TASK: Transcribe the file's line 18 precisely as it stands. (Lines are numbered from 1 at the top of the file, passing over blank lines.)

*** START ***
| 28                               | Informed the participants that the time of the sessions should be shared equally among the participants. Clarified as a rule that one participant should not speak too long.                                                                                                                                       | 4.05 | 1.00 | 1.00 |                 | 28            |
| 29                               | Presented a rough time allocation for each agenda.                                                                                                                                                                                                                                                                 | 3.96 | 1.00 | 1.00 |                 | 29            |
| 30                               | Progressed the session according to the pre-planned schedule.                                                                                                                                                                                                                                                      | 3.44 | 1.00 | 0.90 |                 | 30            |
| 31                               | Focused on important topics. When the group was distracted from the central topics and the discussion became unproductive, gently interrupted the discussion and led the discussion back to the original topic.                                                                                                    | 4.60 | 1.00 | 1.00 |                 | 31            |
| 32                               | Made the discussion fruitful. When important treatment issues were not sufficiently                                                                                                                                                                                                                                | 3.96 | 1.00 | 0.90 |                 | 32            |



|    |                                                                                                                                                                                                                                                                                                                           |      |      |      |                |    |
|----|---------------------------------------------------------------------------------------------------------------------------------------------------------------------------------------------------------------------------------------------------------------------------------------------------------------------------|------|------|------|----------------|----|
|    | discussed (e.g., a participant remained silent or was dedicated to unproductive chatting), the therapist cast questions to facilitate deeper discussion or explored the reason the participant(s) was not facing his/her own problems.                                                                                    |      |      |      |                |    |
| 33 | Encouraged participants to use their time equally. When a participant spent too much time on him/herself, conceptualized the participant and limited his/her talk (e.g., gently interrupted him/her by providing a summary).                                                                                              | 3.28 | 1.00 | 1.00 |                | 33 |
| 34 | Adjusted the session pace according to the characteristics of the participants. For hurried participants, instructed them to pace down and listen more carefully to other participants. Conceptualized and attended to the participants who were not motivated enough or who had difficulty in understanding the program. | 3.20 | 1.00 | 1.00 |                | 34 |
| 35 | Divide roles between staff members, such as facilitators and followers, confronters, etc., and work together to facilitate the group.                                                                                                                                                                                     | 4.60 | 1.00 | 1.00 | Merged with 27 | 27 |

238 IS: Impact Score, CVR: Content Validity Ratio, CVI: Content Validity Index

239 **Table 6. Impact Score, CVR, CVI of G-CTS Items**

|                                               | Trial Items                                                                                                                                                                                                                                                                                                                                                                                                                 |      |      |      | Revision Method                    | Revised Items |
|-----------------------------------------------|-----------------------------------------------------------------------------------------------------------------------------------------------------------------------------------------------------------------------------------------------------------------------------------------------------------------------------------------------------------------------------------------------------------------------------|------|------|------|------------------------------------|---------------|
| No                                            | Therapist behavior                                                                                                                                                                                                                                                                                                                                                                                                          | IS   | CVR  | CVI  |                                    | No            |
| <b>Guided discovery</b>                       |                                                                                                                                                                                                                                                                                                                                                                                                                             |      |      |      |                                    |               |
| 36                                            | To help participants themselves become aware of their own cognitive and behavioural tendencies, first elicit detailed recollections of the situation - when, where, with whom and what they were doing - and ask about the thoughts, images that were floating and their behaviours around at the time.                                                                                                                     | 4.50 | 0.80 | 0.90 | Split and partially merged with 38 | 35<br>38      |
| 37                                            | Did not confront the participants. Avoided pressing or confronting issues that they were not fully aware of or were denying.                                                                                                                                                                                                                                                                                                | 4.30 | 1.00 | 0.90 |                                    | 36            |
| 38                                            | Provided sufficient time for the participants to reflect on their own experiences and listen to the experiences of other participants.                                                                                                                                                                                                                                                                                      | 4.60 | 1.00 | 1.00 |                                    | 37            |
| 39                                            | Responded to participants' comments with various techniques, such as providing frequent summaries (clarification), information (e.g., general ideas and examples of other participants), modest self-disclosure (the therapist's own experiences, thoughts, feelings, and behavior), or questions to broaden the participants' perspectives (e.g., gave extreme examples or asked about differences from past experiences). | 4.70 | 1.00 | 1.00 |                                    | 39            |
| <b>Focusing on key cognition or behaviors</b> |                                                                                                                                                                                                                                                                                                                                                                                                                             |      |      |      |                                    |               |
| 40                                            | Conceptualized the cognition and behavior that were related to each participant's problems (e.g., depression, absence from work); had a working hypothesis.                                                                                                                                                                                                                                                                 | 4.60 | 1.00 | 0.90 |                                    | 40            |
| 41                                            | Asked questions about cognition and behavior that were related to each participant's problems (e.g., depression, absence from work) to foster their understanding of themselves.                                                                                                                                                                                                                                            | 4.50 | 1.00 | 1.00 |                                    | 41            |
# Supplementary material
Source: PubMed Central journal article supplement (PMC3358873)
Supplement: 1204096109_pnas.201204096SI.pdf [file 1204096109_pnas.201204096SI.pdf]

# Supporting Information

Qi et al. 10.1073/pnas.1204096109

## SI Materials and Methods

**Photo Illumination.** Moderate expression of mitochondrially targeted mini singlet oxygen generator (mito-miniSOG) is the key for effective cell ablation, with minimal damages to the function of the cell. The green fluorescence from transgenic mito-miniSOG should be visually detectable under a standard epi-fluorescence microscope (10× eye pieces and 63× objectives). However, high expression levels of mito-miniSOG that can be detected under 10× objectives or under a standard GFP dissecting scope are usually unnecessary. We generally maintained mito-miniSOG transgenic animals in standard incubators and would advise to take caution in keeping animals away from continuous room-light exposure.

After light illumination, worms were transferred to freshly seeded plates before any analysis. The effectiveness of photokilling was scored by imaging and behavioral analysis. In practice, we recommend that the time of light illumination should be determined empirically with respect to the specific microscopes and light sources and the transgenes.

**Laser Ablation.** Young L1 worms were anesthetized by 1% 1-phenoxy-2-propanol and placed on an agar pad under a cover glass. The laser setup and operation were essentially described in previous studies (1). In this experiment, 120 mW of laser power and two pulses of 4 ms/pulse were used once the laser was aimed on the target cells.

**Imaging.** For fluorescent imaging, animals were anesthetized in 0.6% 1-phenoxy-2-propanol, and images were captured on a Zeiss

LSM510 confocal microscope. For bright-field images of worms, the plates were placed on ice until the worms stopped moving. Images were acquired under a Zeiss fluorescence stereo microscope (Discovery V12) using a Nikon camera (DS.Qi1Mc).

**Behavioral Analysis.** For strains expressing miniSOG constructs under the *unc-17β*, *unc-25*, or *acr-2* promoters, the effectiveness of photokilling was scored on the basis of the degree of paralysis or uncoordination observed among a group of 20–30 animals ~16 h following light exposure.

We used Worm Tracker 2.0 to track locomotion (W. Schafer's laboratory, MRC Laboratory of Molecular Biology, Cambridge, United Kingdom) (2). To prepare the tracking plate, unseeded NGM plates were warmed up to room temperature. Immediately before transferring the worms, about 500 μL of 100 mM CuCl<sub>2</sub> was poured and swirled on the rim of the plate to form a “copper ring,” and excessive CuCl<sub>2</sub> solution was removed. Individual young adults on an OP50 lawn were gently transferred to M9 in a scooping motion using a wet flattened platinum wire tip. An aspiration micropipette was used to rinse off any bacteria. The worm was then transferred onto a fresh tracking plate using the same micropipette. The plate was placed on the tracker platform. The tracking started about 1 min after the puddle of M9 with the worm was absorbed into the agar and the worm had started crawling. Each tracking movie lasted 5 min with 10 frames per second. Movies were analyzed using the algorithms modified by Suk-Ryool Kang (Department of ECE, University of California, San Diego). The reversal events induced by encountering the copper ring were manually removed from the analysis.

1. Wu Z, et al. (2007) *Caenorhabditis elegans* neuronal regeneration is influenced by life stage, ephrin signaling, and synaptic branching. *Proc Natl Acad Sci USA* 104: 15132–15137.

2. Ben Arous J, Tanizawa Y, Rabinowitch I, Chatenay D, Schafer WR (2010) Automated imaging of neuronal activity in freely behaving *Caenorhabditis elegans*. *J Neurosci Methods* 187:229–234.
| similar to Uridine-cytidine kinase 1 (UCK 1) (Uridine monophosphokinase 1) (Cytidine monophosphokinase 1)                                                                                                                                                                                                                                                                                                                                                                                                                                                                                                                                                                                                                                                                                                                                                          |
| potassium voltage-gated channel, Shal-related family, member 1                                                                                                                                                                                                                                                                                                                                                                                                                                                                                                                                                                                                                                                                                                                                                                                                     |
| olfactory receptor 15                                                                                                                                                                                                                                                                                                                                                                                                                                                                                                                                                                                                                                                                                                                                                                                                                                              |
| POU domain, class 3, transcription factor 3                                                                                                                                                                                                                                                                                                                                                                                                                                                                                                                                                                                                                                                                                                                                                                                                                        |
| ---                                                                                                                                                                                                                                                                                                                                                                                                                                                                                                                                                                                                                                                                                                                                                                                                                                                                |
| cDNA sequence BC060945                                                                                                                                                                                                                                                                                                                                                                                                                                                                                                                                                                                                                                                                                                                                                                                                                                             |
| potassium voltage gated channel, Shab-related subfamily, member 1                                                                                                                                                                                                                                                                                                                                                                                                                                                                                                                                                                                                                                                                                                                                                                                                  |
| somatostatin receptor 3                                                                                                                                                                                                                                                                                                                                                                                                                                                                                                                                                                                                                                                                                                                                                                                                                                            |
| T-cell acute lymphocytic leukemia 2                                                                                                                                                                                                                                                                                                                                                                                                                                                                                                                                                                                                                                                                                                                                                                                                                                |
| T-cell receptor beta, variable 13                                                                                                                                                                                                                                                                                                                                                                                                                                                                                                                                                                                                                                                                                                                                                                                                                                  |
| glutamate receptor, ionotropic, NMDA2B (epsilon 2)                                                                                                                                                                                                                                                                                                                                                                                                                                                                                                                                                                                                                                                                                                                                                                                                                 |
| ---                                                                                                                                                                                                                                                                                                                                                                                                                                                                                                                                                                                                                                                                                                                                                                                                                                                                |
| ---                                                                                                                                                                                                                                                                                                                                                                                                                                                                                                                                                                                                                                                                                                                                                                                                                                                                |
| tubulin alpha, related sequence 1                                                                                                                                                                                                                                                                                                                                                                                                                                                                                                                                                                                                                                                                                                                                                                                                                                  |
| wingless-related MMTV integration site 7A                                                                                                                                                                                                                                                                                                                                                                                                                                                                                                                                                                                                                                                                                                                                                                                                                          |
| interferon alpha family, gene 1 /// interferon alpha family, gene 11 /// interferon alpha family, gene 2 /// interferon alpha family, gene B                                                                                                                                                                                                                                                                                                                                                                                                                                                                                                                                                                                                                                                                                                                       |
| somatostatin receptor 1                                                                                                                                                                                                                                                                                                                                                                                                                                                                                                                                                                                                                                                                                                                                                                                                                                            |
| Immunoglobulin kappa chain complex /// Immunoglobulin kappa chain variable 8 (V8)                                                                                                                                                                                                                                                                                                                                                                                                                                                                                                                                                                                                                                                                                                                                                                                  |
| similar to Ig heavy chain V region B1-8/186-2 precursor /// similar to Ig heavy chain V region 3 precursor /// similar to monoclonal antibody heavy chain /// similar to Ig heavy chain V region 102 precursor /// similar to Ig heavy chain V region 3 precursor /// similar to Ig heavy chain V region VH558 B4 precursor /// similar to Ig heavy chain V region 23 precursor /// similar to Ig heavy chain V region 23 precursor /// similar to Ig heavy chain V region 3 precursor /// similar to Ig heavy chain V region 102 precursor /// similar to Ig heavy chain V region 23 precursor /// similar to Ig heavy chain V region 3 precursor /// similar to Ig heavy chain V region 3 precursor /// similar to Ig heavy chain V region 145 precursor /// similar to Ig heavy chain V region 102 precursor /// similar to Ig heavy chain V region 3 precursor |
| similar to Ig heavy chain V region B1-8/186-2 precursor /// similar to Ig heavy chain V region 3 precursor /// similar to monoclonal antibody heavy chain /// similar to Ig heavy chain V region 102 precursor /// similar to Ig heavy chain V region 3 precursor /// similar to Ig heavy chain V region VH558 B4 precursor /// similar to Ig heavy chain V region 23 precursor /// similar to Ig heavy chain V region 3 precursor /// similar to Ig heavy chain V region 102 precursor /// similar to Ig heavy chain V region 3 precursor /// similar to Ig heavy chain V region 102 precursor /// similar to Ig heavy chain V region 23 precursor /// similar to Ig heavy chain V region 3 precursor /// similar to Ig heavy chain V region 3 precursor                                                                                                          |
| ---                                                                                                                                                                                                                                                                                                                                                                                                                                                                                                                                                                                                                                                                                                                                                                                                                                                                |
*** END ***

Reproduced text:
| 36                                            | To help participants themselves become aware of their own cognitive and behavioural tendencies, first elicit detailed recollections of the situation - when, where, with whom and what they were doing - and ask about the thoughts, images that were floating and their behaviours around at the time.                                                                                                                     | 4.50 | 0.80 | 0.90 | Split and partially merged with 38 | 35<br>38      |